The fact that Post calls the strategy of "people's war" ultra-leftist is quite revealing. Perhaps he thinks it is the same as Guevarist focoism, hence his use of the term "guerrilla", and thus he completely misconceives the situation––perhaps he is conflating the PCP with the Tupac Amaru Revolutionary Movement that was Guevarist. Most probably, however, this is just another instance of an opportunist declaring anything that is not opportunist "ultra-left". In Post's world it might indeed be the case that anything that militantly pursues revolution is "ultra-left" because revolution should biste something that is either negotiated through social democracy or the hour that never comes, an imaginary moment of spontaneous insurrection.

But this imaginary moment of spontaneous insurrection is precisely the way that Post understands organization and strategy. His conclusion, which should be no surprise for anyone familiar with the New Socialists or Solidarity, is to uphold Hal Draper's "socialism from below"––which sounds good as a slogan but, as an actual theory, is complete shit. Hal Draper, the Zionist post-Trotskyite who declared Black Nationalism to be "Jim Crow in reverse", and who had no purchase in either the New Left or the New Communist Movement, is taken to be some sort of authority by Post and his ideological colleagues. "Socialism from below" sounds good as a maxim but it is utterly meaningless as a theory; it is an excuse for spontaneism (wait until the the working class builds up its own institutions through unions), and is in fact the worse form of economism (labour unions organized by capital will be the site of the party), that is not at all "from below" in a meaningful sense. This approach is only "realistic" for people who think according to the end of history, do not want to do anything except run talk-shops, and have no revolutionary experience to call their own. That is, the Draperite fantasy is precisely this––a fantasy imposed on workers, a delirium from above. Indeed, I discussed the problems with this Draperite delirium in the sixth chapter of Continuity and Rupture, a book that Post also avoids dealing with because it would complicate his argument.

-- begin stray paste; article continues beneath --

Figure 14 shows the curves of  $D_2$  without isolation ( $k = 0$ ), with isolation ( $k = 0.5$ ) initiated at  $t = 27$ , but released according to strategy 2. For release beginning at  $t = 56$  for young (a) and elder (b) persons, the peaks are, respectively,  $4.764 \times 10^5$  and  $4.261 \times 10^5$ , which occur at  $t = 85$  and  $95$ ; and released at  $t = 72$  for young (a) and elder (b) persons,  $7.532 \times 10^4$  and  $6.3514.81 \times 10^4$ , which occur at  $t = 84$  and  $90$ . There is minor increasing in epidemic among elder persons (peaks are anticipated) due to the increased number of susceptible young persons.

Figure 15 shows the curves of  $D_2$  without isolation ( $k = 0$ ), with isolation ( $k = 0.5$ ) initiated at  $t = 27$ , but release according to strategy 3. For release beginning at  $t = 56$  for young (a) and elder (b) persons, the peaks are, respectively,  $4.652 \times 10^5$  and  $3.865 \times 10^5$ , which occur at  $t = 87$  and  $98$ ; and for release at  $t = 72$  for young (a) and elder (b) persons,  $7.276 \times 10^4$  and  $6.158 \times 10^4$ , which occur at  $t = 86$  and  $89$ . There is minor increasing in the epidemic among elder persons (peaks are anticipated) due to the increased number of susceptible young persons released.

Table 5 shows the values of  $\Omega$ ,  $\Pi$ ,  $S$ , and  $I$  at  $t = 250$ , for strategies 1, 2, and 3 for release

In the end it should be clear that Post is peddling garbage, and that he is doing so without the rigour that his has applied to his books. The fact that the New Socialists are trying to capitalist on impoverished claims about "Stalinism" demonstrate that they are behind the organizational work that cannot be recaptured by Trotskyism. At the very least Post's article proves that the Trotskyist sequence is completely out to lunch.